With Uzbekistan, Kyrgyzstan and China showing more interest in the project as an alternative route, Russia has changed its long-held stance and no longer opposes it. Japarov reportedly brought up the project directly in talks with Russian President Vladimir Putin during the Collective Security Treaty Organization summit in 2022, with Putin giving his approval.
Following reports that Moscow no longer opposed the project, China, Kyrgyzstan and Uzbekistan signed an agreement to reaffirm their commitment to build the railway and begin the feasibility study. The study was completed in time for the China-Central Asia summit in May this year.
It appears the three countries have resolved various differences regarding railway routes, financing and gauges. While Kyrgyzstan had pushed for a route that would serve more populated areas further north, it has settled on a southern route instead. Although the official route has not been disclosed, a Kyrgyz National Railway proposal suggests the railway in Kyrgyzstan will connect to China’s Kashgar Rail Terminus in Xinjiang and Uzbekistan’s rail network in Andijan via the Torugart-Arpa-Makmal-Jalal-Abad corridor.
Also, a decision was made on the width of the railway track. Uzbekistan and Kyrgyzstan, like most post-Soviet republics, have a wide railway track of 1.52 metres, while China uses a narrow railway track of 1.435 metres. To address this issue, trains will change wheels at an unloading station by the Kyrgyz-Uzbek border.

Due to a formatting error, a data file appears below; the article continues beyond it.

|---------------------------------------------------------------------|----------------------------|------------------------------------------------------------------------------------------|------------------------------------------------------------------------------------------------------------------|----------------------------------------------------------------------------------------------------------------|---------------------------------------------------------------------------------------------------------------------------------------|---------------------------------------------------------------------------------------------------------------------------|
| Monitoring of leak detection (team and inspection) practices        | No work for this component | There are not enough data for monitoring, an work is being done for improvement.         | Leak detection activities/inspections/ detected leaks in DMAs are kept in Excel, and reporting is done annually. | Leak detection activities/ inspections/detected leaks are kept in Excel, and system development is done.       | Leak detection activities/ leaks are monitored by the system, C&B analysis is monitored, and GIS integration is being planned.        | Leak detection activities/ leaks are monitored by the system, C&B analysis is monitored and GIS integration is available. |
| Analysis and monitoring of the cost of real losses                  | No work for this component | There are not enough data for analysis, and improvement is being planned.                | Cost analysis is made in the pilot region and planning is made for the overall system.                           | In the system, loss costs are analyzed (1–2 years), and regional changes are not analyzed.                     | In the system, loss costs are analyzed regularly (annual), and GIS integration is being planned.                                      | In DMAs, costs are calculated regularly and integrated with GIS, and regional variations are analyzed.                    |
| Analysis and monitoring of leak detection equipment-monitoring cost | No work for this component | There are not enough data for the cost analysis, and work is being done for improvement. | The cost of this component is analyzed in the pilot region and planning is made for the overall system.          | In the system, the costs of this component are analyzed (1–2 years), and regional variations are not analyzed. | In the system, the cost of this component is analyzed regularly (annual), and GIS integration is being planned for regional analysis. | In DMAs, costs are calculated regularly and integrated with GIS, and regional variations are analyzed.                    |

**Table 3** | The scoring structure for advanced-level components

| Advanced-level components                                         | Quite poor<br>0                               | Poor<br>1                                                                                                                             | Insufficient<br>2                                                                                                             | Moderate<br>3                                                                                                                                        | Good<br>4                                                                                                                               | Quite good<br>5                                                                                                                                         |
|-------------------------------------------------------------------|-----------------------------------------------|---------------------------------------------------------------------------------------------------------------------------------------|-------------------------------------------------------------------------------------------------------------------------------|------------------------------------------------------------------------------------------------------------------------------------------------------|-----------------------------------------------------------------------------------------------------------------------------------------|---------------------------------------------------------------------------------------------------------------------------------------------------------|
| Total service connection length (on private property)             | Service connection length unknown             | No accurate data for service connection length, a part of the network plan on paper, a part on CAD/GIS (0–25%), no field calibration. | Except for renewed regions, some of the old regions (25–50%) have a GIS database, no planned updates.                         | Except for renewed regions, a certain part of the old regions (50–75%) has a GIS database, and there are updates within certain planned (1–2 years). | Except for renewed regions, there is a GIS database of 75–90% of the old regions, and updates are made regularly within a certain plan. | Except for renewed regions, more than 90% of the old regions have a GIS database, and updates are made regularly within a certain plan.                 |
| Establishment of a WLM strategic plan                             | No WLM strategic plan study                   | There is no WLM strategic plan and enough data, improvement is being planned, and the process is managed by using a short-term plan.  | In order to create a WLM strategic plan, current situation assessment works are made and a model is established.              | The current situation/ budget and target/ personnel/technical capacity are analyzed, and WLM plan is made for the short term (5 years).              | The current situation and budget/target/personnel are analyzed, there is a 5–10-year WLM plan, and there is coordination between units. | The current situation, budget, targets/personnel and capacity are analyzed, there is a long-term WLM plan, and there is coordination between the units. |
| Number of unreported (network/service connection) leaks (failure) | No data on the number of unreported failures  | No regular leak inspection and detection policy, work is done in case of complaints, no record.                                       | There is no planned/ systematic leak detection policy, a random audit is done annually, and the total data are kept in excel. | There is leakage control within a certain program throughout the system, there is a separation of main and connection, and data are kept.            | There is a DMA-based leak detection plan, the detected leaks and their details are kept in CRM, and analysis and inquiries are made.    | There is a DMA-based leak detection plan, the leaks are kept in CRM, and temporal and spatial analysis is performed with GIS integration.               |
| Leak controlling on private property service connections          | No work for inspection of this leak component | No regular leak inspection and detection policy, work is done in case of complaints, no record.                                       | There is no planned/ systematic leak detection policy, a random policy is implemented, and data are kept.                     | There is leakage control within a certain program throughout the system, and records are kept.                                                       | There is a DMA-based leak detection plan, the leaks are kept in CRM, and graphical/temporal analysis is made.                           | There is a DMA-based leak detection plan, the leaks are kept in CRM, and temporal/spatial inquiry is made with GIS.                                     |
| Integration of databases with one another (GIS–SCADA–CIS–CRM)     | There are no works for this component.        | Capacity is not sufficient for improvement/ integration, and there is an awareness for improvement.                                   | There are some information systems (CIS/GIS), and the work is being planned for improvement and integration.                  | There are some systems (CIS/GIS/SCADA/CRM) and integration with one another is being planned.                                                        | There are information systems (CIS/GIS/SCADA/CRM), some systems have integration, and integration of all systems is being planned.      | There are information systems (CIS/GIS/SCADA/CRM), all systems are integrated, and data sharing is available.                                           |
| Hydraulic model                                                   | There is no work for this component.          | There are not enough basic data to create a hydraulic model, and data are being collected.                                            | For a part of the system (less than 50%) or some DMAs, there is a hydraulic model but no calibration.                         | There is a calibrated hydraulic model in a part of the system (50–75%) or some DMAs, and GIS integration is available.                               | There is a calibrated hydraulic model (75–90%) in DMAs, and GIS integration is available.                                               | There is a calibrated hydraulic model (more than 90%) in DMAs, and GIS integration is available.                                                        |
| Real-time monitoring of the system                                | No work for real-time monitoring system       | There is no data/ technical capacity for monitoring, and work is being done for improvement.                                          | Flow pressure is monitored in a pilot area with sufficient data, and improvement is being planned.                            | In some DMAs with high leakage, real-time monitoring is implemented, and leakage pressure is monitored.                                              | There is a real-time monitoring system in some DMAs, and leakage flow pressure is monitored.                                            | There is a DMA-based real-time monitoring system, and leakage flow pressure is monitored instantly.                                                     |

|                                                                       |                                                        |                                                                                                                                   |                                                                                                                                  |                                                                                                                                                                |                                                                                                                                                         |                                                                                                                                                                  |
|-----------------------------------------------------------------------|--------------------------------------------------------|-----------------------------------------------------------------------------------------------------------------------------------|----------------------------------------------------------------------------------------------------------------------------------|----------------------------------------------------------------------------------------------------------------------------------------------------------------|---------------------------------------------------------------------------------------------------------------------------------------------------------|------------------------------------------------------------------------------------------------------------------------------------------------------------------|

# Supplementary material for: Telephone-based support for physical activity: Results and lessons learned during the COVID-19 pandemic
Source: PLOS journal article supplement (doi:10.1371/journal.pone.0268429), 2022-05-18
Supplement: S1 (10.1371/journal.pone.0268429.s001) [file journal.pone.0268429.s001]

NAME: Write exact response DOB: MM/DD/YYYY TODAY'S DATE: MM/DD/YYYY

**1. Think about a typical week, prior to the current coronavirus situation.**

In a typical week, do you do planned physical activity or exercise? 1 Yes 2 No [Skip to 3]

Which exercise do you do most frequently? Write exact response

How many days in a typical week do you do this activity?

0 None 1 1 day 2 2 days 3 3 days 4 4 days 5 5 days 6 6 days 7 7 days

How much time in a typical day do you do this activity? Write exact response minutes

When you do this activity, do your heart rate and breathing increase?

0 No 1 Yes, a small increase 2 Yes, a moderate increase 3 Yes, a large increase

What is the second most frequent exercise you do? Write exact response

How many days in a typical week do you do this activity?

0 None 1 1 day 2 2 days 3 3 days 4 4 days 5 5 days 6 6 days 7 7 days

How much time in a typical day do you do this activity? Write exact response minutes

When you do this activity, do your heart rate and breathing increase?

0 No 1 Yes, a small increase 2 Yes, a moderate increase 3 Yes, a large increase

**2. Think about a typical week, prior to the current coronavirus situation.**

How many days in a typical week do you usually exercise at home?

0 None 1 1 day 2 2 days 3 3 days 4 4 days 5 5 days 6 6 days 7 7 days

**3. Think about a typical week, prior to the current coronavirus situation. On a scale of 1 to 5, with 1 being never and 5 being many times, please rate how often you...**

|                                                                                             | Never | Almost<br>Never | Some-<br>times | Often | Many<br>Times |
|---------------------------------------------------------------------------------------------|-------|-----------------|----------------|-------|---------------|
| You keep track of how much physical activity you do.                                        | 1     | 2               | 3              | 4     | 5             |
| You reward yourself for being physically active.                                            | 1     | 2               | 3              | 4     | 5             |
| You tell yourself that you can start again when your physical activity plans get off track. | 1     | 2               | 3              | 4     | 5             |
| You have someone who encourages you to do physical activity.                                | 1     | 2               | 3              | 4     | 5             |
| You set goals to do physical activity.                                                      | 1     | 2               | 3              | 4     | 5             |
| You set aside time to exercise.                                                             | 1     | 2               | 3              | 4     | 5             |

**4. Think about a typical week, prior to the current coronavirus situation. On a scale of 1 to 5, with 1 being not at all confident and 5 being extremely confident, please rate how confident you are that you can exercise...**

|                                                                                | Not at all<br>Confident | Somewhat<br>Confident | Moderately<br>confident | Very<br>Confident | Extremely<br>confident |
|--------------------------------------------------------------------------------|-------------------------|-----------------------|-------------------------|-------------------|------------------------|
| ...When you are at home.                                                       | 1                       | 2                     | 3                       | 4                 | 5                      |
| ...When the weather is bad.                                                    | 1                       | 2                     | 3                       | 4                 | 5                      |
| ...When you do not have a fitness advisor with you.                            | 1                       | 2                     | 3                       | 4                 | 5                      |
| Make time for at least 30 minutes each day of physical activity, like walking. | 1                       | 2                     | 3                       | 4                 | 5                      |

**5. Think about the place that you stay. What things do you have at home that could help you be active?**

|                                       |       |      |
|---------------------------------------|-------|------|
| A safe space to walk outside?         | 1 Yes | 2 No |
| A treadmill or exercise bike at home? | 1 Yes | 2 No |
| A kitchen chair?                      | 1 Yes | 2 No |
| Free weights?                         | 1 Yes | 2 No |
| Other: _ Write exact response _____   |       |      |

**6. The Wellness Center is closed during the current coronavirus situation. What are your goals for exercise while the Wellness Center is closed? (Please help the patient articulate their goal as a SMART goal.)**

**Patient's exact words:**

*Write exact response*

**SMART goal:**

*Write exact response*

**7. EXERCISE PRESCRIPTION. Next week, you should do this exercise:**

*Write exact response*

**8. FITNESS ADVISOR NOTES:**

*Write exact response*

Finally, the estimated US$6 billion cost of the project will reportedly be shared equally between the three countries. When the 523km railway route is completed, it is expected to become part of the southern route for freight rail between China and Europe, with trains making the trip via Kyrgyzstan, Turkmenistan, Iran and Turkey.
Doing so would significantly reduce travel time, providing an alternative to the current Kazakhstan-Russia route. From Uzbekistan, the railway can connect with Uzbekistan-Turkmenistan rail to the Turkmenbashi port on the Caspian Sea or to the port in Baku, Azerbaijan, and onto markets in Georgia, Turkey and even Black Sea nations such as Bulgaria.
The railway holds significant potential for both landlocked Kyrgyzstan and Uzbekistan and creating a new strategic Eurasian logistics network along the Belt and Road Initiative’s route while simultaneously contributing to trade with other Central Asian countries. It could become part of a central corridor connecting China to Iran, Turkey and Europe while also steering clear of sanctions against Russia.
Likewise, the railway offers Beijing multiple advantages. Aside from giving China an alternative route into Central Asia, it reduces China’s dependence on transiting via Russia and is also an important conduit for China’s New Eurasian Land Bridge. From a geopolitical perspective, the railway aligns with China’s broader foreign policy objectives which seek to strengthen connectivity and economic cooperation across Eurasia.
Amid an increasingly fractured and complex geopolitical environment, Beijing is continuing to diversify its supply routes and trade partners. To this end, the railway project is another step in stronger cooperation with Uzbekistan and Kyrgyzstan while also expanding its influence in Central Asia.
This article originally appeared in the South China Morning Post.